Madrid ‘like something from sci-fi novel’, says Limerick poet

Madrid ‘like something from sci-fi novel’, says Limerick poet

Poet John Liddy

A LIMERICK man who is living in the heart of Madrid has described the scenes in the city as “like something from a sci-fi novel”.

Popular poet John Liddy from Rathbane has lived in the Spanish capital for 35 years with wife Pilar.

Spain is the second worst country in Europe in terms of numbers of people contracting Covid-19.

The nation is into its second week of a lockdown now, with movement of its citizens severely restricted.

Speaking to the Limerick Leader from his home, Mr Liddy said he was hoping to come back to Shannonside to give talks on his poetry – he had three local schools lined up including Ardscoil Ris.

Obviously, with outward travel from Spain almost impossible, and schools in Ireland closed until April 19, that will most likely not happen.

“We are really confined,” he said, “We are not going out except for food and pharmacy items. Nothing else is open. The streets are empty. It reminds me of the stuff I used to read as a child – novels and science fiction stuff,” he said.

As a poet, John admits it’s a solitary life, so spending days in confine does not represent a huge problem for him, saying: “I’m used to hours and hours working away at my poems.”

“But what I miss are the simple things. That little routine of getting up in the morning, going down to have my coffee, reading the paper and talking to neighbours, picking up messages here and there,” he said.

An Italian living in Limerick, Dr Christian Moretti, is contacting his friends and family through video calls every day.

He is from the Apulia region, which lies on the heel of Italy.

“It’s heartbreaking. Every day I keep getting texts and conversations on Facetime, and it just shows the situation is getting worse. I don’t think we properly grasp it here how bad it is there. There’s a friend of mine who has been literally locked up for weeks. It’s like a war zone,” he said.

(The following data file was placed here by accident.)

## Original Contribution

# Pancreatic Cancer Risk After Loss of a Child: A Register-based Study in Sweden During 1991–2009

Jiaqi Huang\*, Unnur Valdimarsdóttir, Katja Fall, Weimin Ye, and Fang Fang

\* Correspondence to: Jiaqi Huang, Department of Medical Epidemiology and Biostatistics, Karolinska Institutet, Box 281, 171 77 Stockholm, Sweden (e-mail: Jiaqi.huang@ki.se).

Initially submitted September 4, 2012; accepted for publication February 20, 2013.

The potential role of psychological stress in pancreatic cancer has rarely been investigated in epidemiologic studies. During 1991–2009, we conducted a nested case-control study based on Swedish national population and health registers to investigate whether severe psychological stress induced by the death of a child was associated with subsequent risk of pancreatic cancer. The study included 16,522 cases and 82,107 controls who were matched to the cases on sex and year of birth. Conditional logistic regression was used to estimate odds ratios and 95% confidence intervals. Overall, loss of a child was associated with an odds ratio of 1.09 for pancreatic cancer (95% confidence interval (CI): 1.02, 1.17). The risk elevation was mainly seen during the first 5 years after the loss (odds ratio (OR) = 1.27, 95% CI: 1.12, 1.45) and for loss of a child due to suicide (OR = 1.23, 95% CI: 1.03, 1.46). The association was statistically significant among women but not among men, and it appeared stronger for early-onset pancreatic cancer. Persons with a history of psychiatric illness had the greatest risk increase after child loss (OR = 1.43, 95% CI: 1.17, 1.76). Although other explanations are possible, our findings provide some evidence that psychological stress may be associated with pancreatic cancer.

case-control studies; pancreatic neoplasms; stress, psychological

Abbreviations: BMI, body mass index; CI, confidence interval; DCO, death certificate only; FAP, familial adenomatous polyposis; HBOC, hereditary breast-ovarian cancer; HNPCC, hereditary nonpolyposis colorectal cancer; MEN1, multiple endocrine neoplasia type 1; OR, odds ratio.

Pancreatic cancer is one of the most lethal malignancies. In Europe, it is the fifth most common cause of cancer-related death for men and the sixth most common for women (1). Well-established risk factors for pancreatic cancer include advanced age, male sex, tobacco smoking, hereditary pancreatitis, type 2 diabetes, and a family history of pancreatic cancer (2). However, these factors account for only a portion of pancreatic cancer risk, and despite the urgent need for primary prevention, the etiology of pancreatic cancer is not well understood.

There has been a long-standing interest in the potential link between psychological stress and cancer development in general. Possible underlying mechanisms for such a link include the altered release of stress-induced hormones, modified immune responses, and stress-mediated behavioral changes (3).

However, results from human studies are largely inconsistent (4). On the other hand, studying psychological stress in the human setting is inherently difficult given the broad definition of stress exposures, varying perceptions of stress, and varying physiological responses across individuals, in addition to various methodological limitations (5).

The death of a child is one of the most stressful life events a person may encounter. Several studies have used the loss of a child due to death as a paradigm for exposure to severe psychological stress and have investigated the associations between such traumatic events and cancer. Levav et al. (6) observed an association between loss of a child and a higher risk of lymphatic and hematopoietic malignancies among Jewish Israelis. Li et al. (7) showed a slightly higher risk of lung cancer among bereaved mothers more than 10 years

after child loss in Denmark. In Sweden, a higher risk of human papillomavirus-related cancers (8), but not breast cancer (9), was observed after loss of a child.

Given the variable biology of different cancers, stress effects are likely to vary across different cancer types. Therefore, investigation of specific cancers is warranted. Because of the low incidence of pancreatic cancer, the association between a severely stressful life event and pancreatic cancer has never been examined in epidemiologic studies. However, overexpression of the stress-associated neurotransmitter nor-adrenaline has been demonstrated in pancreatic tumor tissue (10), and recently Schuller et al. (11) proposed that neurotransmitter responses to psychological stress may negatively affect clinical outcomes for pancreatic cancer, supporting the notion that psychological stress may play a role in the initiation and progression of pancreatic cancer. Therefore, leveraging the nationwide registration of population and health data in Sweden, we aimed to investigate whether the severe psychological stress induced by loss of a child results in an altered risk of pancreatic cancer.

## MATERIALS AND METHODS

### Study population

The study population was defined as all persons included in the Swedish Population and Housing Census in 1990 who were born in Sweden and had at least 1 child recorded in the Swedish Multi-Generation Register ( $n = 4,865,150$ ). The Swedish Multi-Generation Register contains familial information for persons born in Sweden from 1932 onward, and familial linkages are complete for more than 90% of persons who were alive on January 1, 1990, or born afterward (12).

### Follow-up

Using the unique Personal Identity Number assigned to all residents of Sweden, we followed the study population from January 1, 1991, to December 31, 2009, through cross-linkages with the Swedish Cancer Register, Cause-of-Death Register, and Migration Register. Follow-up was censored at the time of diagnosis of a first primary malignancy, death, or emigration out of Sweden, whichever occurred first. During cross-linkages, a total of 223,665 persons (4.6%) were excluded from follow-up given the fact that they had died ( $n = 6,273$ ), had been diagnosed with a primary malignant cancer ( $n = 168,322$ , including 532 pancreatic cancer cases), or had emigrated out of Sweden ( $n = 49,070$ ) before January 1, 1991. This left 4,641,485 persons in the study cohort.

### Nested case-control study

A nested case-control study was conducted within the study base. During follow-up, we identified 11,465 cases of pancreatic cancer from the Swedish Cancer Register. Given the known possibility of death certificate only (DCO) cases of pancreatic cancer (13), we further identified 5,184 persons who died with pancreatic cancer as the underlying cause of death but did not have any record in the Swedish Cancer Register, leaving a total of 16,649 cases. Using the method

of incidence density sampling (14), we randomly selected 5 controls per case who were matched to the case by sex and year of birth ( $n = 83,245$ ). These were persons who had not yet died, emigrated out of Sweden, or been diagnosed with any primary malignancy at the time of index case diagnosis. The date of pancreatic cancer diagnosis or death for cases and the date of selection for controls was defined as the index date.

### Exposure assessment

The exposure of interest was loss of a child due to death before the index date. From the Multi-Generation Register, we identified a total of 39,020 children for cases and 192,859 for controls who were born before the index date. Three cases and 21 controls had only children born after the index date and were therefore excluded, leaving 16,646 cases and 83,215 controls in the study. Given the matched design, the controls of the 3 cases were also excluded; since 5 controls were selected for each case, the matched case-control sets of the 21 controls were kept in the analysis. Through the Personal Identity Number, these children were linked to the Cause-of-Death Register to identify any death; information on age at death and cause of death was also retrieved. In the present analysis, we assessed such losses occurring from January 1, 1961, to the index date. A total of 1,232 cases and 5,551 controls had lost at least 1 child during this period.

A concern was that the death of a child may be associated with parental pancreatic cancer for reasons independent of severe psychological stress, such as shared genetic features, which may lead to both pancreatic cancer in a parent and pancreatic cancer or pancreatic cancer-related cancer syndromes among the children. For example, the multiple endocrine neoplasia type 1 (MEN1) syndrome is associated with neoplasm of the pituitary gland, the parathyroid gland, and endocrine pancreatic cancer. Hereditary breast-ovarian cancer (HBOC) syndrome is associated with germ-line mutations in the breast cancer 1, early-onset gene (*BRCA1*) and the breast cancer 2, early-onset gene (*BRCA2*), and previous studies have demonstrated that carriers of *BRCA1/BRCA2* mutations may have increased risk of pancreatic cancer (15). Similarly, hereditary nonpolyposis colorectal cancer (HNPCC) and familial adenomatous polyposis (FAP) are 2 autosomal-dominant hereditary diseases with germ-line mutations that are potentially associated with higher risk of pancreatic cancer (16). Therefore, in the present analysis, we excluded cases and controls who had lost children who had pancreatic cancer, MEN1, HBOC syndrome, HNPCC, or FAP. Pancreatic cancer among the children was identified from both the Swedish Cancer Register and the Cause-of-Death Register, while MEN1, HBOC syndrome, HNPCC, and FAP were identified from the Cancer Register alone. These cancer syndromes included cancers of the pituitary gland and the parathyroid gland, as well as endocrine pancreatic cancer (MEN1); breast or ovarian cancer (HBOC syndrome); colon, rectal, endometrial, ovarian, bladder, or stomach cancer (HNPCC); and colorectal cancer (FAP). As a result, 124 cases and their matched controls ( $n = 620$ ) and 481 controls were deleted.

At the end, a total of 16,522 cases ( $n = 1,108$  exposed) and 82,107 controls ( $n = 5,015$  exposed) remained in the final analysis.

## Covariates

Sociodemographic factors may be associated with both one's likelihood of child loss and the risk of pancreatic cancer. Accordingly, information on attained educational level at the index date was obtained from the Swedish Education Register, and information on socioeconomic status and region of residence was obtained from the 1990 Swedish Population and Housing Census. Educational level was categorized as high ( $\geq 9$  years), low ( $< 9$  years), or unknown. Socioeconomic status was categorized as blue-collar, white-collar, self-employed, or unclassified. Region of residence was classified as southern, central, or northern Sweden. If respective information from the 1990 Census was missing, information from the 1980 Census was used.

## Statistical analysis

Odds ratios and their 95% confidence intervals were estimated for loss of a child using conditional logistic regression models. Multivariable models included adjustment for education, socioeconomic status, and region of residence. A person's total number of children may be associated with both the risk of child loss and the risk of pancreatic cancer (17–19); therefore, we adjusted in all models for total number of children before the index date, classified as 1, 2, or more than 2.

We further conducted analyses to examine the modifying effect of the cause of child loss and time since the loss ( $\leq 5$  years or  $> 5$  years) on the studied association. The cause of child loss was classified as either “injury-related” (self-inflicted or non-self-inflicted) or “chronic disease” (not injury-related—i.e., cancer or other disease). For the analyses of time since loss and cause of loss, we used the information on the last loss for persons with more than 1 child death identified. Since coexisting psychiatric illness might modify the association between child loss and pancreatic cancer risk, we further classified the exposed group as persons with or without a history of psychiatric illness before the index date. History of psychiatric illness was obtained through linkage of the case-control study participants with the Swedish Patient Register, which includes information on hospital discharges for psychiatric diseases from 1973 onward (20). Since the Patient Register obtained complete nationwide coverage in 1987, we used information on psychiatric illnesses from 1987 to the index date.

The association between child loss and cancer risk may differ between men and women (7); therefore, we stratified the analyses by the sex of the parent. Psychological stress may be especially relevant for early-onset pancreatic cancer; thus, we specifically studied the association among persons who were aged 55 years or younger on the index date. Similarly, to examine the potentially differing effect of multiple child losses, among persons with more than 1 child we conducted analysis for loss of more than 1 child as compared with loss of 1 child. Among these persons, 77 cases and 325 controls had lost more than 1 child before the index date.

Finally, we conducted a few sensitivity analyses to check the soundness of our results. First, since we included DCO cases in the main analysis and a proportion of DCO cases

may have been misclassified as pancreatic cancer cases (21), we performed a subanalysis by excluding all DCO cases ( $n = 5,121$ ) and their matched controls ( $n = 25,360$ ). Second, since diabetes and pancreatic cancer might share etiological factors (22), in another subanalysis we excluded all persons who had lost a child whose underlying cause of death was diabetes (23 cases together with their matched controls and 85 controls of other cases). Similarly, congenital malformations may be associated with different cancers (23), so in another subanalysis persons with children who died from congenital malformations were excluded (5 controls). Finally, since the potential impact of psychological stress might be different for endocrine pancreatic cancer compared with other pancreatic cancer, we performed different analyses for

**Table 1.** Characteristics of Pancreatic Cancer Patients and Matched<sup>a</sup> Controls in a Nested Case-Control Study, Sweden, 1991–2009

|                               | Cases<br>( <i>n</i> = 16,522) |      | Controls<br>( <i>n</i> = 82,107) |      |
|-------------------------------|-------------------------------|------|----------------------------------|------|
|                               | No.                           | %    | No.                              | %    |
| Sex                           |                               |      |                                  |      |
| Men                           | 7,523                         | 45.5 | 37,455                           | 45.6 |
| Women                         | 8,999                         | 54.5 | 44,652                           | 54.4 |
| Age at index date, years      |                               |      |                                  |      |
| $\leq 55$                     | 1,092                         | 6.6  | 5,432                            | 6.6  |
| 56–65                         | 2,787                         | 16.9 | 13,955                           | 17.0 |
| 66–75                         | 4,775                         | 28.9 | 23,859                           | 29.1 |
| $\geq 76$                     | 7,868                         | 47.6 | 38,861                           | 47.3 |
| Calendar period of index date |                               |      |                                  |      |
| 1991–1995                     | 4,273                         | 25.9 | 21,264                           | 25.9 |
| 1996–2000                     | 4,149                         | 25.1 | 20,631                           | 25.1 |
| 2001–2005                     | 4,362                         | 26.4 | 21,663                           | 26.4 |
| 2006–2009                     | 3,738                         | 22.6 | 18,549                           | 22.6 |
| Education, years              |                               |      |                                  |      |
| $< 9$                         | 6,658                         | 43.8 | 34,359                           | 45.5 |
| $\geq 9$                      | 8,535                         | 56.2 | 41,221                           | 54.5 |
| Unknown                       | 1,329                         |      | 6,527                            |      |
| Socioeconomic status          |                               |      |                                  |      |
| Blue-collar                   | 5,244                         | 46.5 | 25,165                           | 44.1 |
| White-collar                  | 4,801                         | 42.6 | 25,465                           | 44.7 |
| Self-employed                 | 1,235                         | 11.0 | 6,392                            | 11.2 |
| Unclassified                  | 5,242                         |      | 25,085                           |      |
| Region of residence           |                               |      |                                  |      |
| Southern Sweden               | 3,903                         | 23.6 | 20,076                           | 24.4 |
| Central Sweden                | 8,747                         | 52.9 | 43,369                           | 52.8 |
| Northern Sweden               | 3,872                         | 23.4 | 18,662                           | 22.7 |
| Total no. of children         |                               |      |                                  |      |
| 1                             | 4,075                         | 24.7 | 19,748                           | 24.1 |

Something that is not recognised, Dr Moretti said, is the psychological toll of the amount of deaths there are in Italy as a result of coronavirus. Fatalities stood at 6,820 on Tuesday night.

“It’s taking a huge toll on people. To be surrounded by death, it’s difficult. When there are so many people dead, it’s tragic,” he said.

Lucia Brunetti is originally from the Italian city of Campobasso, but now lives in Johnsgate village.

Normally she works in Cork, but she’s working from home at present.

“It’s difficult to understand. Things are evolving very quickly. It’s hard to understand what’s happening. I am in contact with my family, my parents and my brother. One of my sisters works in a pub, one works in McDonald’s, and they both ar e not working,” she said.

Stefania Bardi, who is originally from the Italian island of Sardinia, was hoping to return home for her mother’s 70th birthday, but cannot do so now.

She is critical of the Italian government for not implementing the lockdown sooner, as many people working in different parts of the country would have returned home to Sardinia, potentially carrying the virus.

“It’s very difficult to be watching it from afar. I haven’t been back since December. My desire would be to go there for my mother’s 70th birthday. I don’t think I will be able to now,” she said.

Stefania was also critical of people appearing to flout public health advice here in Ireland and go outdoors.

“With all the efforts we are making in Italy [to control the virus] I just wish people would go back home,” she said.

Lucia feels people here don't fully appreciate the outbreak.

“It was the same thing when it started in Italy. You see people going to the beach, thinking it’s nothing. But there are consequences. I don’t think people fully realise it,” she added.

And Dr Moretti said: “People think they live in a parallel universe where Covid-19 is something which is only going to happen to elderly people. But it can hit absolutely anybody. There are many people my age and some younger than me affected.”

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